KD: Freshman year my roommate was a host [admissions overnight host], so I was a host’s roommate which made me a host. Especially when they would be gone and you would have to take care of the kid for a while. I was like, “This is kind of fun getting to meet a bunch of new people for a night,” and then they would leave. Then sophomore year, I was actually a host as well as tour guide. I really love that aspect of admissions. So this year, I applied to be one of the student visit assistants, which has been awesome getting to work in the admissions office with all the people. They are all happy and love meeting people, so it’s a great work environment. I am actually signed on for the summer as well which will be a blast, as well as next year. I think I will have a little bit more responsibility than I do this year just because I will have been there for so long. Some visit assistants were kind of above me this year, so I will be stepping in to and teaching the newer visit assistants for next year. It will be fun but a lot more responsibility, which I am looking forward to.


Story by Caitlyn Starkey Staff Writer

Photography by Michael Locatell


Contact Caitlyn Starkey at

Congo escapee joins incoming freshmen

Whitworth University sends out letters of acceptance to new students all over the world. This year, a letter of acceptance was sent to the home of Wilondja Muyoma, a 19-year-old living in Seattle. Muyoma, like many other prospective students, came to visit the Whitworth campus last November and fell in love with the university. He attended a few classes and said he was very impressed with the school.

“I visited several other colleges but my experiences at Whitworth were so different and unique,” Muyoma said.  “And as I did more research on the school, I saw what an amazing job they are doing in academics and I wanted to go there.”

He is now looking forward to studying philosophy and economics and perhaps taking a few French classes.

Muyoma is soon planning to pack up his things and make the trek from Seattle to Spokane.

The transition should be quite easy for him, for his journey to Whitworth began in the Democratic Republic of Congo. Specifically, he has traveled from the city Bukavu in Eastern Congo.

Muyoma’s native tongue is Swahili, but at the private Christian school he attended he mostly spoke French. Muyoma said that in Bukavu everyone lives in a tightly knit area. He said everyone is so close that he would consider the members of his community to be like relatives. He cared deeply for his friends and family.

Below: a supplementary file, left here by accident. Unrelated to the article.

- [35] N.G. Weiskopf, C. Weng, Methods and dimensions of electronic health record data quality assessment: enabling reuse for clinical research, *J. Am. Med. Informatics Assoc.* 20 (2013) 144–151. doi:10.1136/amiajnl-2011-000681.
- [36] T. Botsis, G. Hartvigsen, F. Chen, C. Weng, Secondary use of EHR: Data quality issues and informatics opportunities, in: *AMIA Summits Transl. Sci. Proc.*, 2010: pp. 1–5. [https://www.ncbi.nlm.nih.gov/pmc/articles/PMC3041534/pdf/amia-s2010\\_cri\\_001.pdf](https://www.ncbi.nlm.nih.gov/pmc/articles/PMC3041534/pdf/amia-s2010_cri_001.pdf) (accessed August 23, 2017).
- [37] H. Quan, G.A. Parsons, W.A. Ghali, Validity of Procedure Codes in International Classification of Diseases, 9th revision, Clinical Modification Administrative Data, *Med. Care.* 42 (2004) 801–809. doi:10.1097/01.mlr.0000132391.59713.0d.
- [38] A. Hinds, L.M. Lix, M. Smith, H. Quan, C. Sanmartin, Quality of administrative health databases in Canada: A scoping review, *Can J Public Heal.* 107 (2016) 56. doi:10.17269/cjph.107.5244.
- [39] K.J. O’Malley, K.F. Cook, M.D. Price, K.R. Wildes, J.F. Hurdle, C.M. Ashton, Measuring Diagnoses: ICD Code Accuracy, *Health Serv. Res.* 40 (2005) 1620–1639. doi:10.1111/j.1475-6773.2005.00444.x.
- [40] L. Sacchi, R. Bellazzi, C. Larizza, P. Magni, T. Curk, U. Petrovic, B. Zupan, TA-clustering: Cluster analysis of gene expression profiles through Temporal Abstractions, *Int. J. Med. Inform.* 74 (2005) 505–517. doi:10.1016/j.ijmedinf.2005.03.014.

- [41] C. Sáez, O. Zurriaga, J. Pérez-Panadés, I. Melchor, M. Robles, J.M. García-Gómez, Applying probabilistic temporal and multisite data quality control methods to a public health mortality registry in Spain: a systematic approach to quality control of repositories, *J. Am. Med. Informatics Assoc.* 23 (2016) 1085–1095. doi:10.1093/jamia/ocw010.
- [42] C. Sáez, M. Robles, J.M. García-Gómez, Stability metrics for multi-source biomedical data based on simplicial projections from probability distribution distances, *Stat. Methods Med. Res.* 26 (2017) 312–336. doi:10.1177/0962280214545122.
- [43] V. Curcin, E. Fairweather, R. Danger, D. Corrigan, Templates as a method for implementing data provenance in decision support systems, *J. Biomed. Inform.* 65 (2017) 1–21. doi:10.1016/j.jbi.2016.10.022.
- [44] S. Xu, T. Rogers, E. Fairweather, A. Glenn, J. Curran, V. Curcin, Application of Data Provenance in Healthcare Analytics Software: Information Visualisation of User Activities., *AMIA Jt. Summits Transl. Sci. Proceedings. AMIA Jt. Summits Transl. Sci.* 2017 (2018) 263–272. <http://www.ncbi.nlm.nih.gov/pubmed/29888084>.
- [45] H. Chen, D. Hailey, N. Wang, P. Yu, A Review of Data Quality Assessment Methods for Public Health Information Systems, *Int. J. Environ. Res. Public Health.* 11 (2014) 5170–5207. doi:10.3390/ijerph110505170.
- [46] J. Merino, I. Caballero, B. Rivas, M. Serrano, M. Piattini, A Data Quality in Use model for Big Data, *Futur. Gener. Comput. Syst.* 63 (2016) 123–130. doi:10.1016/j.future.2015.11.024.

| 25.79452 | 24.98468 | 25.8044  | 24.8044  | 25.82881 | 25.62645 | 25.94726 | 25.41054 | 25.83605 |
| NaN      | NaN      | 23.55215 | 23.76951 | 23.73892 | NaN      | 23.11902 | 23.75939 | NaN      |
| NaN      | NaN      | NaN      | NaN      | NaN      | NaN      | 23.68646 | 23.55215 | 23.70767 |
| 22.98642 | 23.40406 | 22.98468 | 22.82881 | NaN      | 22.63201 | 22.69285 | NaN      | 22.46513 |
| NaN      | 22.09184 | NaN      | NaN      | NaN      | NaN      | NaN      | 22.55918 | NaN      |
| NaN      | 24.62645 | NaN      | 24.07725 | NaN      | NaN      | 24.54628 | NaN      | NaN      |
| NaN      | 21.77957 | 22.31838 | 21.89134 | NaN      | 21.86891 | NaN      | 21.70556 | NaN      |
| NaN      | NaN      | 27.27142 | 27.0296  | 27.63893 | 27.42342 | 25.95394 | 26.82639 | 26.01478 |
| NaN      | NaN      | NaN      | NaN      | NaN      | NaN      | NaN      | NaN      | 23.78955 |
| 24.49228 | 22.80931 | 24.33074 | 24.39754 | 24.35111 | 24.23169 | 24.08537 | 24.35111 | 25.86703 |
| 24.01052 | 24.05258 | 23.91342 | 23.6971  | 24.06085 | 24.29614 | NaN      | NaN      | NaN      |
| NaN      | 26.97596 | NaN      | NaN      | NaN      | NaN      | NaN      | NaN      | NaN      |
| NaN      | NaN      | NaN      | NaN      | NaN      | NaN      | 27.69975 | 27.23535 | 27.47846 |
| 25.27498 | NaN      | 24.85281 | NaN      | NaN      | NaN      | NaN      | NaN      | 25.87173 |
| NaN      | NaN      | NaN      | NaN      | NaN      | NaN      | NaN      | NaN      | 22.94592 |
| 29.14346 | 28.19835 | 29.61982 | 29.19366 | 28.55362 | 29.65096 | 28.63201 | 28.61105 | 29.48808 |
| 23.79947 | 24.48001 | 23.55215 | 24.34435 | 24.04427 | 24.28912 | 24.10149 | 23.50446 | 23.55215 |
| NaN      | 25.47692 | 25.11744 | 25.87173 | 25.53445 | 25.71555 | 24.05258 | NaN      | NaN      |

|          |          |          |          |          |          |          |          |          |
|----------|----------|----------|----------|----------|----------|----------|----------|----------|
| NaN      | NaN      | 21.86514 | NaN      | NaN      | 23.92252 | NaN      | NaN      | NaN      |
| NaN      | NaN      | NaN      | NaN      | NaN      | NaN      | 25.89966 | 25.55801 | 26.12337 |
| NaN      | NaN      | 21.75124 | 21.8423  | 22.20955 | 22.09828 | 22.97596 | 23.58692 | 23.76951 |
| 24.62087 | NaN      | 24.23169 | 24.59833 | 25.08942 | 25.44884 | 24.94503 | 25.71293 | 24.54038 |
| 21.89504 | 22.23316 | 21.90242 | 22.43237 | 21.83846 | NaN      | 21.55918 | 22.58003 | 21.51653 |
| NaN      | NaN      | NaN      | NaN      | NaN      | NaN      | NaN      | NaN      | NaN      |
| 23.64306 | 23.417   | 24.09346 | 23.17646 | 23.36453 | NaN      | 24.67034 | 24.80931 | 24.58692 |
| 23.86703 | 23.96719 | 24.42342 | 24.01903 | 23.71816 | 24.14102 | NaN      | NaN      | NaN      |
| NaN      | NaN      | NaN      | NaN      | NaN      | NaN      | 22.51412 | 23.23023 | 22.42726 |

Muyoma’s home was directly affected by one of the deadliest wars in Africa’s history, the Second Congo War. A peace treaty was signed in 2003 but fighting prevailed in the eastern part of Congo. When Muyoma was 12, the war that brought malnutrition and disease was forcing young men to join the army and leave their families.  All of those conditions became too much for Muyoma and he decided it was time to leave.

“Congo is pretty close to Rwanda, so we decided just to run there,” Muyoma said. “But along the way, my parents got lost and we were separated.”

There is estimated to be nearly 3 million refugees across Africa who have fled their homes due to violent conflict and persecution. There is a program established in Kenya that is designed to help reconnect families that might have been separated during the war. After nearly three years of searching for his family, Muyoma learned his parents were located back in the Congo.

Not wanting to risk going back to Bukavu, Muyoma was taken to an overcrowded, English-speaking refugee camp. Mapendo International, also known as RefugePoint, is an organization that happened to be visiting Muyoma’s camp at that time. RefugePoint goes to Kenya to assist families and individuals fleeing war who need urgent and lifesaving help. The foundation works with the United States and the U.N. to identify durable solutions for people in danger.

“The camp was such a blessing, because Mapendo International was there and offered to take me to America,” Muyoma said. “They offered me safety from the Congo and a chance to study in America and get a real education.”

The youngest of the group, Muyoma was the only one under 18 to travel to America. He and several others left Nairobi and flew to Europe, then to New York, and finally to Seattle.

“It was a very long flight, but just knowing I was going back to school made it worth it,” Muyoma said.

Muyoma settled into his new home in Seattle and quickly taught himself to speak English fluently. He said when he came to America he was excited to learn about business. So, he applied for an internship with Microsoft in the summer of 2011 and was one of 20 finalists accepted into the program.

“I had no clue what it was going to be like,” Muyoma said.

Muyoma was put into a group which would focus on the social aspect of marketing in the U.S. He worked with real Microsoft clients and learned persuasive marketing skills to get people to buy his products.

Muyoma then decided it was time to start a new chapter of his life. He was accepted into Whitworth’s Act Six program and is excited to move to Spokane and live on campus.

“When I visited I really liked East and Duvall,” Muyoma said. “But as I researched more, BJ looks fun because it’s all freshmen and it’s a close and tight community, kind of like my home was in Bukavu.”